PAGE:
- poliovirus and non-polio enteroviruses,
- West Nile virus (WNV) and viruses in the same family as WNV, specifically Japanese encephalitis virus and Saint Louis encephalitis virus, and
Oftentimes, despite extensive lab tests, the cause of a patient's AFM is not identified.
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AFM is diagnosed by examining a patient's nervous system in combination with reviewing pictures of the spinal cord. A doctor can examine a patient's nervous system and the places on the body where he or she has weakness, poor muscle tone, and decreased reflexes. A doctor can also do an MRI (magnetic resonance imaging) to look at a patient's brain and spinal cord, do lab tests on the cerebrospinal fluid (the fluid around the brain and spinal cord), and may check nerve conduction (impulse sent along a nerve fiber) and response. It is important that the tests are done as soon as possible after the patient develops symptoms.
AFM can be difficult to diagnose because it shares many of the same symptoms as other neurologic diseases, like transverse myelitis and Guillain-Barre syndrome. With the help of testing and examinations, doctors can distinguish between AFM and other neurologic conditions.
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There is no specific treatment for AFM, but a doctor who specializes in treating brain and spinal cord illnesses (neurologist) may recommend certain interventions on a case-by-case basis. For example, neurologists may recommend physical or occupational therapy to help with arm or leg weakness caused by AFM. We do not know the long-term outcomes (prognosis) of people with AFM.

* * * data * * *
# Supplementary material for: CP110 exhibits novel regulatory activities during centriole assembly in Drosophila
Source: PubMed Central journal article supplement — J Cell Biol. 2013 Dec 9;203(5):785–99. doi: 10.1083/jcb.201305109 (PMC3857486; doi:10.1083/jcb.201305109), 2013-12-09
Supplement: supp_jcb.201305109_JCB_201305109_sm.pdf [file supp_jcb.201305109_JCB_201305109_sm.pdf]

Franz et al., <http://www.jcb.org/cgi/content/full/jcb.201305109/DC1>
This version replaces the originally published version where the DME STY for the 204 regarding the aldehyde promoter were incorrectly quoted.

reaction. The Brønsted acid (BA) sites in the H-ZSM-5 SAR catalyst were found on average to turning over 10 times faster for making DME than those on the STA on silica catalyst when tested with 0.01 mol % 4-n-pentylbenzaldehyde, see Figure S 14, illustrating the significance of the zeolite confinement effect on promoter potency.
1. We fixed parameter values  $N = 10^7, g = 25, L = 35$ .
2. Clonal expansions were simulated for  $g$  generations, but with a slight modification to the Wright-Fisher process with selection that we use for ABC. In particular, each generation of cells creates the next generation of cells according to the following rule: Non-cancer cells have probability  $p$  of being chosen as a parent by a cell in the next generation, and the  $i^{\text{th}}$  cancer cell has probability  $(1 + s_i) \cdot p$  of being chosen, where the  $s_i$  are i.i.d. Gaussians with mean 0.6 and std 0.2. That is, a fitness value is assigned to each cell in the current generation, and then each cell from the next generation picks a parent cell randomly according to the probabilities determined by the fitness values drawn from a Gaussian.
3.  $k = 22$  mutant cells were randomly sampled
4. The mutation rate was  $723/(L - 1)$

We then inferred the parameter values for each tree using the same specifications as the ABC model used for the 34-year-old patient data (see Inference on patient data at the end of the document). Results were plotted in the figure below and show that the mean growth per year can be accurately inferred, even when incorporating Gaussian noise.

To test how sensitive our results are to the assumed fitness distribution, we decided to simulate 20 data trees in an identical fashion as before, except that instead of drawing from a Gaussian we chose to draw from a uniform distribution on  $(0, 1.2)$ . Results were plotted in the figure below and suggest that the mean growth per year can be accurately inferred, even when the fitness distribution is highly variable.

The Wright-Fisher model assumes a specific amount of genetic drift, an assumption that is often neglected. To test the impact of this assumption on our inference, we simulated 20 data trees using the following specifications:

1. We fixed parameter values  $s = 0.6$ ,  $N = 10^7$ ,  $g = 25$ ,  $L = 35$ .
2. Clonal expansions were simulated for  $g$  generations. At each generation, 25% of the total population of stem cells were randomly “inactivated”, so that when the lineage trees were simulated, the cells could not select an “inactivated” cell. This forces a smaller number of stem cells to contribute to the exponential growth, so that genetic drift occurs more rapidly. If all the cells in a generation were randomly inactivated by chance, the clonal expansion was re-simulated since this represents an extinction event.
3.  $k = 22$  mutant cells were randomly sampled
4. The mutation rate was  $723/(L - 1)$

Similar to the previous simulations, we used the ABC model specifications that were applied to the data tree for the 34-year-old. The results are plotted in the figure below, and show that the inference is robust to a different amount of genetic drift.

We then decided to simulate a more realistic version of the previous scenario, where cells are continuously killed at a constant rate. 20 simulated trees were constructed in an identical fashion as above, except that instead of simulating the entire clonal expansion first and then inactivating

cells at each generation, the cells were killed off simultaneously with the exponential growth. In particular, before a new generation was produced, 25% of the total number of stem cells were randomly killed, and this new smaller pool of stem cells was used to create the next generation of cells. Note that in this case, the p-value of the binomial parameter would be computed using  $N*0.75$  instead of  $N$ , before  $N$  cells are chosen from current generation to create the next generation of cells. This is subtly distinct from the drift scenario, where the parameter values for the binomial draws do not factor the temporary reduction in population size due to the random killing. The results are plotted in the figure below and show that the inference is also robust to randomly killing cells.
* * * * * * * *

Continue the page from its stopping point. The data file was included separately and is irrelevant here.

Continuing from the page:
Poliovirus and West Nile virus may sometimes lead to AFM.
- You can protect yourself and your children from poliovirus by getting vaccinated.
- You can protect against bites from mosquitoes, which can carry West Nile virus, by using mosquito repellent, staying indoors at dusk and dawn (when bites are more common), and removing standing or stagnant water near your home (where mosquitoes can breed).
While we don't know if it is effective in preventing AFM, washing your hands often with soap and water is one of the best ways to avoid getting sick and spreading germs to other people. Learn about when and how to wash your hands.
Medically Reviewed on 10/16/2018
United States. Centers for Disease Control and Prevention. "Acute Flaccid Myelitis." Apr. 2, 2018. <https://www.cdc.gov/acute-flaccid-myelitis/about-afm.html>.